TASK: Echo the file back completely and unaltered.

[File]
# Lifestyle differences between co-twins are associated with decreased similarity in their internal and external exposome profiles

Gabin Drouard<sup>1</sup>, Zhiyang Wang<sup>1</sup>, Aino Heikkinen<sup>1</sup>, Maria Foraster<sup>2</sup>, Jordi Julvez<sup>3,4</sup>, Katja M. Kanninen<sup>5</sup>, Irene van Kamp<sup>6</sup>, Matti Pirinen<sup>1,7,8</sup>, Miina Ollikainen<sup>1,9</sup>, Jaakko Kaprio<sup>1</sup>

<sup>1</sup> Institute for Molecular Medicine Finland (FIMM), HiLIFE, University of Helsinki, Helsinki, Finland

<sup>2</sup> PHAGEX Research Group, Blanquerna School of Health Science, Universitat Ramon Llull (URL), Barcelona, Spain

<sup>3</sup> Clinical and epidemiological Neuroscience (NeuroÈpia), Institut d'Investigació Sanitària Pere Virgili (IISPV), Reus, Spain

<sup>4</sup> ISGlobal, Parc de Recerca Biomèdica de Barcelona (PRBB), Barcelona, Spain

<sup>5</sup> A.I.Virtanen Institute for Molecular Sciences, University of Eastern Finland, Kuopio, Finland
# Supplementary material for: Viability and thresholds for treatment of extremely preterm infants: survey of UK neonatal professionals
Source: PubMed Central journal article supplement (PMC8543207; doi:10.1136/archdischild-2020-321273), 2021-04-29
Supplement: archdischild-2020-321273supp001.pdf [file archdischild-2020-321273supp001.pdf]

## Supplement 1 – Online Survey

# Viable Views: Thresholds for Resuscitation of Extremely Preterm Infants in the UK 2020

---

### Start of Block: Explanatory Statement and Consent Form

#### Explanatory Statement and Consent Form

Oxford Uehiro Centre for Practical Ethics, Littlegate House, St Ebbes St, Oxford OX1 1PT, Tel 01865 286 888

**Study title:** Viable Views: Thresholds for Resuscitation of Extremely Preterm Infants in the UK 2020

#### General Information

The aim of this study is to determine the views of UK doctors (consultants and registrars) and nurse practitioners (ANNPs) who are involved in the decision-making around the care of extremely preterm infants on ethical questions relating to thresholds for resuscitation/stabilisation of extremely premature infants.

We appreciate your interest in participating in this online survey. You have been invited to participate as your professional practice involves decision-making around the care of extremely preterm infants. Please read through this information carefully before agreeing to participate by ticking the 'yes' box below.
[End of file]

# Lifestyle differences between co-twins are associated with decreased similarity in their internal and external exposome profiles

Gabin Drouard<sup>1</sup>, Zhiyang Wang<sup>1</sup>, Aino Heikkinen<sup>1</sup>, Maria Foraster<sup>2</sup>, Jordi Julvez<sup>3,4</sup>, Katja M. Kanninen<sup>5</sup>, Irene van Kamp<sup>6</sup>, Matti Pirinen<sup>1,7,8</sup>, Miina Ollikainen<sup>1,9</sup>, Jaakko Kaprio<sup>1</sup>

<sup>1</sup> Institute for Molecular Medicine Finland (FIMM), HiLIFE, University of Helsinki, Helsinki, Finland

<sup>2</sup> PHAGEX Research Group, Blanquerna School of Health Science, Universitat Ramon Llull (URL), Barcelona, Spain

<sup>3</sup> Clinical and epidemiological Neuroscience (NeuroÈpia), Institut d'Investigació Sanitària Pere Virgili (IISPV), Reus, Spain

<sup>4</sup> ISGlobal, Parc de Recerca Biomèdica de Barcelona (PRBB), Barcelona, Spain

<sup>5</sup> A.I.Virtanen Institute for Molecular Sciences, University of Eastern Finland, Kuopio, Finland
# Supplementary material for: Viability and thresholds for treatment of extremely preterm infants: survey of UK neonatal professionals
Source: PubMed Central journal article supplement (PMC8543207; doi:10.1136/archdischild-2020-321273), 2021-04-29
Supplement: archdischild-2020-321273supp001.pdf [file archdischild-2020-321273supp001.pdf]

## Supplement 1 – Online Survey

# Viable Views: Thresholds for Resuscitation of Extremely Preterm Infants in the UK 2020

---

### Start of Block: Explanatory Statement and Consent Form

#### Explanatory Statement and Consent Form

Oxford Uehiro Centre for Practical Ethics, Littlegate House, St Ebbes St, Oxford OX1 1PT, Tel 01865 286 888

**Study title:** Viable Views: Thresholds for Resuscitation of Extremely Preterm Infants in the UK 2020

#### General Information

The aim of this study is to determine the views of UK doctors (consultants and registrars) and nurse practitioners (ANNPs) who are involved in the decision-making around the care of extremely preterm infants on ethical questions relating to thresholds for resuscitation/stabilisation of extremely premature infants.

We appreciate your interest in participating in this online survey. You have been invited to participate as your professional practice involves decision-making around the care of extremely preterm infants. Please read through this information carefully before agreeing to participate by ticking the 'yes' box below.